What is it?
Potassium is a key mineral that the body needs to function properly. This mineral helps to regulate your heartbeat and is also involved in proper kidney function, muscle contraction and nerve transmission. Potassium also has a role to play in the synthesis of protein and metabolism of carbohydrate which ensures a constant supply of energy to living cells.
How does potassium help with good health?
There are authorised claims that potassium contributes to:
- Normal functioning of the nervous system
- Normal muscle function
- Maintenance of normal blood pressure
Research regarding the mineral has highlighted several ways in which potassium assists with good health.
Low intakes have been shown to increase the risk of high blood pressure and even more so when accompanied with high intakes of sodium in the diet. Sodium makes your body hold on to water which puts extra pressure on blood vessel walls. Potassium helps with the relaxation of blood vessels that help to lower blood pressure while also helping to balance sodium levels. Research involving the DASH (Dietary Approaches to Stop Hypertension) diet found that in people with high blood pressure a diet containing 8.5 servings of potassium-rich fruits and vegetables per day, plus low-fat dairy products and reduced sugar and red meat lowered blood pressure.
High blood pressure is a risk factor for stroke risk and higher potassium in the diet has been associated with a lower incidence of stroke. A study of over 43,000 men found that those with the highest intake (4300 mg daily) were 38% less likely to encounter a stroke compared to men with an average intake of 2400mg daily.
Too little potassium in the diet may lead to a depletion in calcium from bones increasing calcium in urine. Over time this may lead to the formation of hard calcium deposits known as kidney stones. Ensuring a good intake in the diet may help to reduce the risk of kidney stones.
Where can we get it?
Dietary sources of potassium include bananas, spinach, kale, beetroot, salmon, beans, pulses, lentils, avocado, potatoes, melon (all varieties), squash, courgette, low-fat yoghurt, mushrooms, kiwi fruit and tomatoes.
How much do we need?
The recommended daily amount is 3500mg. The NDNS survey has shown that men get an average of 3145mg daily while women get 2588mg indicating that dietary intakes of potassium fall short of the recommendations. This may be associated with the fact that only 30% of adults achieve the recommended five servings of fruits and vegetables daily.
How to boost your intake
It is easy to ensure you’re getting enough potassium in your diet. Here are a few tips to help get enough in your diet.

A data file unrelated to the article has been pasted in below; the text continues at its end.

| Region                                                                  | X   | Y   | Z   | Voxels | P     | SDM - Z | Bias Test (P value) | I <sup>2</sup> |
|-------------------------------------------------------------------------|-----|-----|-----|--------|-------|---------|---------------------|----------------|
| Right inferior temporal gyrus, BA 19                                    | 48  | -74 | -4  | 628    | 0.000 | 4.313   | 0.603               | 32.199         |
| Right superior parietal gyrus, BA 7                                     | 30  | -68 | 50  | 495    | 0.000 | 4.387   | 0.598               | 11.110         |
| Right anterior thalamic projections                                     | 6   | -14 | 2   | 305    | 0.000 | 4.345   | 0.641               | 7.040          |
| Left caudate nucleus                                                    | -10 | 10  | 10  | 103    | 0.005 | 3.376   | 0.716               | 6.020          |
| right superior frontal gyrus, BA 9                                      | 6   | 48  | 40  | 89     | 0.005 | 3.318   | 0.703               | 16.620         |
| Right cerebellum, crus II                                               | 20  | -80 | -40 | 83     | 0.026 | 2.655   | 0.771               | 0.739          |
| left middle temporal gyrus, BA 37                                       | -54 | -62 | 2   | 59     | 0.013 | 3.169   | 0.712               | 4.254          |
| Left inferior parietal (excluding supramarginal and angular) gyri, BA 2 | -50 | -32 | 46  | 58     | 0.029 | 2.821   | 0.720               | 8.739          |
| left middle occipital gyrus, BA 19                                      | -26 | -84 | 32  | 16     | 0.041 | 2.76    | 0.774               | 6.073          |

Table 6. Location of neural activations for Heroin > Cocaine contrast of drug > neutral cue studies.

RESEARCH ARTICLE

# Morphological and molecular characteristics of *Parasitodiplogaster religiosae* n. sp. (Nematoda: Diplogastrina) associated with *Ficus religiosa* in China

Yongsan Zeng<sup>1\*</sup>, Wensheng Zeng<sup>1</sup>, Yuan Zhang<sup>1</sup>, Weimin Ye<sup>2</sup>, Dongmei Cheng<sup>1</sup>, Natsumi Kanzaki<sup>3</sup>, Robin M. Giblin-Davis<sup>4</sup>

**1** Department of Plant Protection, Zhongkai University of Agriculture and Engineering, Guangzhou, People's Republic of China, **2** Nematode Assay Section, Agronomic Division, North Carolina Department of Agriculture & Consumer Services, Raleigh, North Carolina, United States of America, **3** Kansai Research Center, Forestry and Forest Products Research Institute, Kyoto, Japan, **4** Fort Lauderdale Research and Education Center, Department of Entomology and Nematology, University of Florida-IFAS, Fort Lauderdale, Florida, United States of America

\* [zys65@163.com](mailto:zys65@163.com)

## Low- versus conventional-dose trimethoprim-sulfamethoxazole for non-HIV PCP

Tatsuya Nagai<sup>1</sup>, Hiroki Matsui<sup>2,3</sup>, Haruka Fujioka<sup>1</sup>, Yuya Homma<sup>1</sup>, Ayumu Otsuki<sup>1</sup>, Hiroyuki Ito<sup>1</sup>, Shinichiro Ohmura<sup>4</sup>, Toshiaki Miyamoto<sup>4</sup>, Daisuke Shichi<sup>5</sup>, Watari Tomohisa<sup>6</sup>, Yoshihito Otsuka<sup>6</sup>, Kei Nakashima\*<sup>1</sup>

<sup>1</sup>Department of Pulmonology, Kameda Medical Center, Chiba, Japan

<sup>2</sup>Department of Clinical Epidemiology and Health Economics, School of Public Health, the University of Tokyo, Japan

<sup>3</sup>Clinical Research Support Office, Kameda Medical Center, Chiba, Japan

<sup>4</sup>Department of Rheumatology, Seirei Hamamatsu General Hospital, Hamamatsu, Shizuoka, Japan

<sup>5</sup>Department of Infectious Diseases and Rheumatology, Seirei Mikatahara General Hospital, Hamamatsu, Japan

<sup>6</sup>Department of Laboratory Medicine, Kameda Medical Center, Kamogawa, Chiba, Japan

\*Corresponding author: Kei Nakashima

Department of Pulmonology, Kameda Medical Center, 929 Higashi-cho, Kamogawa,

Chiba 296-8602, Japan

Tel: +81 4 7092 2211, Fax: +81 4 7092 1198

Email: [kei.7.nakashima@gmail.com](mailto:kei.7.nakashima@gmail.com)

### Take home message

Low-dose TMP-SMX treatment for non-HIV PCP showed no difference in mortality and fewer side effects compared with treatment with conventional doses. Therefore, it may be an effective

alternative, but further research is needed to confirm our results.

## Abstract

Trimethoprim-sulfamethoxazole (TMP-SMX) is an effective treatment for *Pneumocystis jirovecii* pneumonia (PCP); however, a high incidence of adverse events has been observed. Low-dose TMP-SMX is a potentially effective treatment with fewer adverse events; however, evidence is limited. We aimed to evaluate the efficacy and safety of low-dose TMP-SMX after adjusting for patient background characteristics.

- Increase your intake of fruits and vegetables.
- Try swapping meat for beans and pulses in dishes such as chilli, curry, or Bolognese sauce.
- Snack on dips such as guacamole, hummus, or baba ghanoush served with sliced vegetables.
- Include plenty of green vegetables in your diet.
- Try low-fat yoghurt topped with nuts, seeds and fruit for breakfast or a satisfying snack.
- If you are exercising or involved in high-performance sport then potassium is needed as an electrolyte or post-illness it can help with recovery, try Healthspan Elite Activ Hydrate and Activ Hydrate with Caffeine, 40 effervescent healthspanelite.co.uk, £12.99
Potassium supplements are not advisable unless recommended by a health professional. This mineral is generally not included in multivitamin and mineral blends given high intakes can be harmful. The best approach to ensuring your potassium intake is through the diet.
What to avoid
People with kidney disease or using certain medications should avoid potassium supplements or too much of the mineral in the diet as they can develop abnormally high levels which is a condition called hyperkalemia. This condition can result in symptoms such as nausea, vomiting, chest pain, heart palpitations and shortness of breath. Such medications include ACE inhibitors (used to treat high blood pressure, heart, and kidney disease) and potassium-sparing diuretics (used to treat high blood pressure and congestive heart failure). Hyperkalemia can also occur in healthy people who get too much potassium from supplements.
A to Z of vitamins and minerals is a guide by Dr Sarah Brewer who is the Medical Director at wellbeing brand Healthspan and Rob Hobson who is a Registered Nutritionist. You can find more in this series on our Nutrition channel.Tags: A-Z of vitamins, nutrition, Potassium, Rob Hobson, Sarah Brewer Last modified: June 9, 2023